In the study by Tiemensma et al. [17], the authors found moderate to strong inverse correlations between results on the different dimensions of the IPQ-R questionnaire and the CushingQoL indicating that more negative illness perceptions were associated with poorer HRQoL. This was particularly true for the dimensions of ‘Illness identity’ (r = 0.659; P < 0.01) and emotional representation (r = 0.629; P < 0.01).

In the Tuebingen development study [11], the authors found a non-linear correlation between the Tuebingen CD-25 scores and patients’ age; younger (21–30 years) and middle-aged (51–60 years) patients had poorer HRQoL than patients between 31 and 50 years and those over 61 years of age. They also found that preoperative 24 h urinary free cortisol (UFC) levels correlated significantly with the subscale Cognition and only marginally failed significance level for the subscale Eating Behaviour, while preoperative cortisol and ACTH levels did not correlate with any scale. In the Tuebingen normative study, the authors observed that female patients perceived a worse HRQoL than men in the domains depressive symptoms and social environment (P < 0.05).

Impact of interventions for CS, and changes in HRQoL over time

Three of the studies reviewed [13, 15, 16] included repeated measurements with CushingQoL and examined the impact of different interventions on patients’ disease-specific HRQoL. To date, no longitudinal studies have been performed with the Tuebingen CD-25 questionnaire.

In the pasireotide study, CushingQoL score improved by 11.1 points (95 % CI, 6.8–15.5) after 12 months of treatment with the study drug [13]. Effect sizes for changes at 6–12 months were 0.57 and 0.57 for 900 ug and 0.47 and 0.49 for 600 ug, respectively, which would represent moderate effect sizes [14, 19]. Degree of control of UFC was also found to be important, with clinically meaningful improvements (i.e. an improvement of more than 10.1 points of the CushingQoL score) observed in patients whose UFC levels were controlled or partially controlled at month 6. A high percentage of patients showed a significant improvement in terms of HRQoL (with improvements over 10 points on CushingQoL) at 3 months (50.0 % of patients), 6 months (48.0 %) and 12 months (52.0 %). On the other hand, there were no clinically meaningful improvements in the group with uncontrolled UFC.

Data from the ERCUSYN registry showed that transsphenoidal surgery (TSS) produced improvements on CushingQoL from a mean (SD) score of 38.3 (22.1) at baseline to 56.6 after 12 months (a change of 18.3 points), corresponding to an effect size of 0.82 (large effect size). The Santos et al. [16] study showed similar results for TSS, with CushingQoL scores improving from a mean (SD) of 41 (15) at baseline to 54 (13) at 4 months (P < 0.01) and 68 (17) at 9 ± 3 months post surgery (P < 0.001). In this case too, the differences correspond to effect sizes of approximately 0.86 and 1.8, respectively, although the sample size used for this analysis was small (n = 11).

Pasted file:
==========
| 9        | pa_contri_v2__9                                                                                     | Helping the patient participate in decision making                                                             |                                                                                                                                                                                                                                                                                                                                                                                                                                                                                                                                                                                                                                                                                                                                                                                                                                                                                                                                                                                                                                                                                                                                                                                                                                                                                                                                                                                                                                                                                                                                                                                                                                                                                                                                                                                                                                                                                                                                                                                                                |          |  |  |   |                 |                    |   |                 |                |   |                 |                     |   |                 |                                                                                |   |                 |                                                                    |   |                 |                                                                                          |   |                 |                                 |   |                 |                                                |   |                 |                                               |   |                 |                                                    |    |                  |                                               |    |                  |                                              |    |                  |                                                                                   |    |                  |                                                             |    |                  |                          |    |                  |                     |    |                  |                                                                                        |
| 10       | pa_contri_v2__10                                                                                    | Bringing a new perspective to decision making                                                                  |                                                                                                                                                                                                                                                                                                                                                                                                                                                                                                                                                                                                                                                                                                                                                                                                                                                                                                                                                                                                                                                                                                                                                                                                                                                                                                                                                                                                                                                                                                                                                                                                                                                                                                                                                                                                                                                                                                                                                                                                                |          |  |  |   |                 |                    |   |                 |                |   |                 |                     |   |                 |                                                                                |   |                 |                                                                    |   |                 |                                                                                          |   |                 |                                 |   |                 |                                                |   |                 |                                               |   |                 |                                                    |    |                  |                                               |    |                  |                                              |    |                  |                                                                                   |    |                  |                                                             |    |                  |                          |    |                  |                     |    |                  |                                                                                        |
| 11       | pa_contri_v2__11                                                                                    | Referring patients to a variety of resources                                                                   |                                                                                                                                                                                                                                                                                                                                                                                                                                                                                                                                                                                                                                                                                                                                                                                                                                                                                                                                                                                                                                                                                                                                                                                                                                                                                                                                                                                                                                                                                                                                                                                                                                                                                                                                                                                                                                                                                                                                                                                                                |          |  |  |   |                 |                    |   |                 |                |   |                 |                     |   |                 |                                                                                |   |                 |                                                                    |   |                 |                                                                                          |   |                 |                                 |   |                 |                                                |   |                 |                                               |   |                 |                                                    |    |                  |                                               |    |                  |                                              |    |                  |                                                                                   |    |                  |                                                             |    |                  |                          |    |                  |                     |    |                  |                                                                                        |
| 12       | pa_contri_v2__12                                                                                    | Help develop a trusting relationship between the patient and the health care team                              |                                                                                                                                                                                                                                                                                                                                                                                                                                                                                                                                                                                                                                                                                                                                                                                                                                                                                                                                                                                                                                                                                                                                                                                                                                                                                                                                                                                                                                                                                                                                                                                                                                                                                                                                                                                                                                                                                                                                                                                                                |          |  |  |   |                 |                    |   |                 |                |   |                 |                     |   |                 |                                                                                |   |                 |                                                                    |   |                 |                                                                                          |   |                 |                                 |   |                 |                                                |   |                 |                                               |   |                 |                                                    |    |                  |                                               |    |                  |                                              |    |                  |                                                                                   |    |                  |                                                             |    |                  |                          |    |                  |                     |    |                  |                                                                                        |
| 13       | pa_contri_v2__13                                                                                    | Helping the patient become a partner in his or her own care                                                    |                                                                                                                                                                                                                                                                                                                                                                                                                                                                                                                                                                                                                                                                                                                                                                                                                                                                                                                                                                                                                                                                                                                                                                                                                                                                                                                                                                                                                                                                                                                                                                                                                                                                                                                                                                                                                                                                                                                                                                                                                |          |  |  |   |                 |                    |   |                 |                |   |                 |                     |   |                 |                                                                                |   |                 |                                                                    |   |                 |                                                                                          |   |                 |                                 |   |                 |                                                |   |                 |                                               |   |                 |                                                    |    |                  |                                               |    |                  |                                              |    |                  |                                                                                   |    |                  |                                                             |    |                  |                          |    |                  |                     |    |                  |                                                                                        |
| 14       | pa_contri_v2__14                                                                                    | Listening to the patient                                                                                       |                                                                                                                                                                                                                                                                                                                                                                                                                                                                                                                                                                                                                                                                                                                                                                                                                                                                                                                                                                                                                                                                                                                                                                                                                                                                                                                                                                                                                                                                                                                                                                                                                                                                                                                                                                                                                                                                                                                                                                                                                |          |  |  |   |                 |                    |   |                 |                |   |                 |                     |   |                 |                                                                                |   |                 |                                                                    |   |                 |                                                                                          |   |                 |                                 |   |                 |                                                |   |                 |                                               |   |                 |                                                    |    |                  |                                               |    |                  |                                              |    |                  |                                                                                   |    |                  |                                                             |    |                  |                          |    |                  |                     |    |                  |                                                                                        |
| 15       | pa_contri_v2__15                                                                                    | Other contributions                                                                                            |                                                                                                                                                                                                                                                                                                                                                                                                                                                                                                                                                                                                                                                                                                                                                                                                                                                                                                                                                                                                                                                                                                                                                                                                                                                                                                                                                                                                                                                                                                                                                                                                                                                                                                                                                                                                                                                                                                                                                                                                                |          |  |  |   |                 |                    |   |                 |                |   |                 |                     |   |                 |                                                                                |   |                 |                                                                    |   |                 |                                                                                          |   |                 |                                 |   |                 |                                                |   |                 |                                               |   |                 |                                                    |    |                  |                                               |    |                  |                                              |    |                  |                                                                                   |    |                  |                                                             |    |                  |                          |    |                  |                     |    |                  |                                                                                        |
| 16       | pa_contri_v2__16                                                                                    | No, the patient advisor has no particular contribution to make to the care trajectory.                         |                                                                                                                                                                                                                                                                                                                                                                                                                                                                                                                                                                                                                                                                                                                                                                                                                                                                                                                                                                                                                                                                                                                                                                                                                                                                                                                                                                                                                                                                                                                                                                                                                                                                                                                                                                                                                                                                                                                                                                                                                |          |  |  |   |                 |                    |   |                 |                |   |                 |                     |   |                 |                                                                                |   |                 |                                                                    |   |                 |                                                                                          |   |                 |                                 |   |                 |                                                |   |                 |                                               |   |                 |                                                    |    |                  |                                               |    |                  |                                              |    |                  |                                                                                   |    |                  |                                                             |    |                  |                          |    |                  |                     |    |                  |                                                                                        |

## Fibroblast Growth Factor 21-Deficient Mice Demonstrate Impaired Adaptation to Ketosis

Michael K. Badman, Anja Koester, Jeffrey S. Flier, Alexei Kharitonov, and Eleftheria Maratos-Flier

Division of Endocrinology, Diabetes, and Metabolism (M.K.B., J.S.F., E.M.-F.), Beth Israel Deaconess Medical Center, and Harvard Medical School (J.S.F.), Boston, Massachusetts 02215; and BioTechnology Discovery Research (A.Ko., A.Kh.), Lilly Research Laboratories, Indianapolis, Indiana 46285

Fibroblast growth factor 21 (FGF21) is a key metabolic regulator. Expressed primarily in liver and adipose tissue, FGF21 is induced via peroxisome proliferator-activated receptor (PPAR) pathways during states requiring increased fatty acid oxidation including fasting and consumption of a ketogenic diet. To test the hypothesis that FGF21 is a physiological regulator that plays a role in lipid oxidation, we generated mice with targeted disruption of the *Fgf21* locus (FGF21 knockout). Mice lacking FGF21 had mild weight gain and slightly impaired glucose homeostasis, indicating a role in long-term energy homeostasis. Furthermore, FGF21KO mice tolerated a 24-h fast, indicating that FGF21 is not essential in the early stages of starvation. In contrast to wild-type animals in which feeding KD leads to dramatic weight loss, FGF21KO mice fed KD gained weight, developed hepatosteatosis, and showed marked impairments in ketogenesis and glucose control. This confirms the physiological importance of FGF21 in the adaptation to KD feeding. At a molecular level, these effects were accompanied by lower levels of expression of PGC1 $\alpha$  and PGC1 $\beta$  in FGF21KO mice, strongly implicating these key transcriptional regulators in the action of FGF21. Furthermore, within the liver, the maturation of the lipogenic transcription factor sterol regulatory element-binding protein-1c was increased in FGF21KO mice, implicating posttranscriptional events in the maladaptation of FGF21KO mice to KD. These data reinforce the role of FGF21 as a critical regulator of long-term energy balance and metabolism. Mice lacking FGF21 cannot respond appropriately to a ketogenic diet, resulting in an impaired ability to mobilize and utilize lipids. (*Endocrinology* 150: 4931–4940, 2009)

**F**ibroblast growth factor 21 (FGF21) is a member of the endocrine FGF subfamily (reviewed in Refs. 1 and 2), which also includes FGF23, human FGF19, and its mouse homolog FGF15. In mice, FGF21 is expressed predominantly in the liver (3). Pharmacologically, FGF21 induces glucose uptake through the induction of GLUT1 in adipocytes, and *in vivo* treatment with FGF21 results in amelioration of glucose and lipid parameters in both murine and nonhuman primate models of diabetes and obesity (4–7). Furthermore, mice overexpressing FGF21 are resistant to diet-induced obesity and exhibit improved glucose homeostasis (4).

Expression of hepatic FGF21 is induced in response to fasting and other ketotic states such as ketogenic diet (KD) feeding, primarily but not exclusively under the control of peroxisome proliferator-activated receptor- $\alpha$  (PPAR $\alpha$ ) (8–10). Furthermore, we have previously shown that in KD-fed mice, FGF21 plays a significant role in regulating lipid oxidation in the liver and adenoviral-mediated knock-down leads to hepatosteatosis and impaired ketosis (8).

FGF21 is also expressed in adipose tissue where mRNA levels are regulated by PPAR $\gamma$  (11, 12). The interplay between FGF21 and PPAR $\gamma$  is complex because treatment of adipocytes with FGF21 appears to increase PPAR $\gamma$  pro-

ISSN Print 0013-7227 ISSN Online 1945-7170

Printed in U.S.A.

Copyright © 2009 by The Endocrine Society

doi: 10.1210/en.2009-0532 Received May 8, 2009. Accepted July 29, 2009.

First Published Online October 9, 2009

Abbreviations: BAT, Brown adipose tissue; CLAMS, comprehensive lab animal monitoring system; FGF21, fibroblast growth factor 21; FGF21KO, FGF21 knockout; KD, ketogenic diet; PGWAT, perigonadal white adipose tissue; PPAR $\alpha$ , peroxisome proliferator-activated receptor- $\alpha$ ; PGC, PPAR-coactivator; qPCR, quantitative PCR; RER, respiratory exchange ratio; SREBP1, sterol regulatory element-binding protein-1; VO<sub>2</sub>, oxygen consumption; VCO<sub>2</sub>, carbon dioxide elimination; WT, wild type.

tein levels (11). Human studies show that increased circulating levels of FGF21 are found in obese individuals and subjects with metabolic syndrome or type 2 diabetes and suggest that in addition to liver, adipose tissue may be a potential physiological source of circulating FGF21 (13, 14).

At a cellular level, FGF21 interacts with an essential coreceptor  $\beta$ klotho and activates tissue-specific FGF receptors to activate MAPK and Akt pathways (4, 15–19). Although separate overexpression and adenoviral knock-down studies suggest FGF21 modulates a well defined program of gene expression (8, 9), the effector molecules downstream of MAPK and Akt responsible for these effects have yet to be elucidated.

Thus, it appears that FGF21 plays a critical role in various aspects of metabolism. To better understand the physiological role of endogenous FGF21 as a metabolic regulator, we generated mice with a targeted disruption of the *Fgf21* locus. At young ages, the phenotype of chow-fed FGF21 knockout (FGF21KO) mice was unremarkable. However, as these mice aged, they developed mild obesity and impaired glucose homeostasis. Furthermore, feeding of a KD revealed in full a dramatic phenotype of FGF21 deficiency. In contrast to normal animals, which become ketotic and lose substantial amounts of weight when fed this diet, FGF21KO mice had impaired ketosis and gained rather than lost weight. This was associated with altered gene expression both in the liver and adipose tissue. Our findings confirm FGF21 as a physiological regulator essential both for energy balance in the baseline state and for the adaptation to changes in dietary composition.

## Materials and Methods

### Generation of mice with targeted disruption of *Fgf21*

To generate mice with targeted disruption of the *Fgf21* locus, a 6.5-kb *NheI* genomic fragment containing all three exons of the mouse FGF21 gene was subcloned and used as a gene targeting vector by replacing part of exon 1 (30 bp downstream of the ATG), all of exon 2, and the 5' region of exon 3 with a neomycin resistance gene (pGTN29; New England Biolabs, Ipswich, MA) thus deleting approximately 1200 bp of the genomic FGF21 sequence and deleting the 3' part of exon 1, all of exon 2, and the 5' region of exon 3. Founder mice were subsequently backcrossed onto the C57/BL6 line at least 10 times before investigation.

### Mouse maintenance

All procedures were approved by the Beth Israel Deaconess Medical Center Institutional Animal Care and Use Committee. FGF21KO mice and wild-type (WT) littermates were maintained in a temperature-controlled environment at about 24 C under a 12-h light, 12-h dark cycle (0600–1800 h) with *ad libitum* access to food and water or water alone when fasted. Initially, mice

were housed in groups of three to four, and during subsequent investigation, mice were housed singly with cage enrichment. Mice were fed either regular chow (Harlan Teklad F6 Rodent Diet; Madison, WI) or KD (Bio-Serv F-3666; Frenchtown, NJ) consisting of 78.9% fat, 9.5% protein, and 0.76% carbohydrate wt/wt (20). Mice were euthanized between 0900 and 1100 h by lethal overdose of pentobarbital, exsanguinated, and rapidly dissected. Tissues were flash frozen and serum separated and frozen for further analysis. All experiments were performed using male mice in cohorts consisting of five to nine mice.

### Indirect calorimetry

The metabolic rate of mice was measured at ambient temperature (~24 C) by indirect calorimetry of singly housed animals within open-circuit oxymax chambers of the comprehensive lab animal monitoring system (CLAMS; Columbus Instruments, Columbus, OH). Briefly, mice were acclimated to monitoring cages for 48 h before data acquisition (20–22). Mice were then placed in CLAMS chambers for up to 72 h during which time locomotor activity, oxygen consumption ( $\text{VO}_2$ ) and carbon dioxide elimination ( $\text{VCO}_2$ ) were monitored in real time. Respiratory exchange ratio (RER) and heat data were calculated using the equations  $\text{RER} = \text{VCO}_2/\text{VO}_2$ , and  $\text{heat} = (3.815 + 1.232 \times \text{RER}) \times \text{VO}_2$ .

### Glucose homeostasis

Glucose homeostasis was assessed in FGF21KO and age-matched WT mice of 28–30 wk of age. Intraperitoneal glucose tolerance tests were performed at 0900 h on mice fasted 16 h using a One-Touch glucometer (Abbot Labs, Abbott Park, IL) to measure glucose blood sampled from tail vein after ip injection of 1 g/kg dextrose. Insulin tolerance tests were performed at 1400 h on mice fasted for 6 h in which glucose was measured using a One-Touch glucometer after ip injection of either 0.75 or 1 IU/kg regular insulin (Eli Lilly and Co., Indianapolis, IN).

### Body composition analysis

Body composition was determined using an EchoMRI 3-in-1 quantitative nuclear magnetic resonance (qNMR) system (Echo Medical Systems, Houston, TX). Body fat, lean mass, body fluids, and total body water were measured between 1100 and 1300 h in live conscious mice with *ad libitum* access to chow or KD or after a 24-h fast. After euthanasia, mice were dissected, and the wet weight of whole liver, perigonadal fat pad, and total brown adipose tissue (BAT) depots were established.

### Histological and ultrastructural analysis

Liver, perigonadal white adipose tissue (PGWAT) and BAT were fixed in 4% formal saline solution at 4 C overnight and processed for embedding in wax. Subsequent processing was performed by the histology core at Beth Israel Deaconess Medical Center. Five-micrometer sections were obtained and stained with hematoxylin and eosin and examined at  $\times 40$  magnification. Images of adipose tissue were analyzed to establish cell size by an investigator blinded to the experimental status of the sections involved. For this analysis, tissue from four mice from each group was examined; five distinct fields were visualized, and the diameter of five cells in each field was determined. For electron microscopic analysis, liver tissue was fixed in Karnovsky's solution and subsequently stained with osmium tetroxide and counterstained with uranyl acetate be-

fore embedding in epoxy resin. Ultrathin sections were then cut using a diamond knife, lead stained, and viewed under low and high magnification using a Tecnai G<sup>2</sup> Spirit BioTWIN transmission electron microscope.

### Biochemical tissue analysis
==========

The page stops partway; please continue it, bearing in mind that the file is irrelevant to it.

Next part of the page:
In terms of correlations in change scores, in the pasireotide study the authors found a moderate correlation of −0.40 (P < 0.01) between changes in the CushingQoL score and changes in mean UFC from baseline to month 12, with increasing CushingQoL scores (improved HRQoL) as mean UFC levels declined. Statistically significant correlations (P < 0.01) were also observed between changes in CushingQoL score and changes in BMI (r = −0.31), weight (r = −0.32), and BDI-II (r = −0.59). Only small or null correlations were observed between changes in CushingQoL scores and sitting systolic blood pressure, waist circumference, facial rubor, striae, brusing, supraclavicular fat pad, and dorsal fat pad (though there were some differences between the 600 and 900 ug drug dose groups). Furthermore, based on a minimally important difference (MID, the smallest clinically relevant difference in CushingQoL score) of 10.1 [20], there was a clinically meaningful improvement in CushingQoL scores at month 6 in patients whose UFC levels were controlled (n = 27; mean improvement 12.8; SD = 15.1) or partially controlled at month 6 (n = 17; mean improvement: 10.7; SD = 20.8), but the improvement in CushingQoL scores did not quite reach the MID in the uncontrolled group (n = 29; mean improvement: 9.9; SD = 21.8). Interestingly, in additional analyses carried out with data from the pasireotide study [14] it was found that of patients who completed 12 months of therapy in that trial, 80 % had either a reduction in diastolic blood pressure ≥5 mmHg (58 %), a decrease in weight ≥7 % (42 %), or an improvement ≥MID on CushingQoL (46 %) (mean ± SD, 11.1 ± 15.2). Improvements in symptoms and HRQoL were maintained at 12 months.


This review of studies which have evaluated HRQoL in CS using disease-specific questionnaires has indicated a number of findings which may help to understand the relationship between the clinical features of Cushing’s syndrome, its treatment, and HRQoL.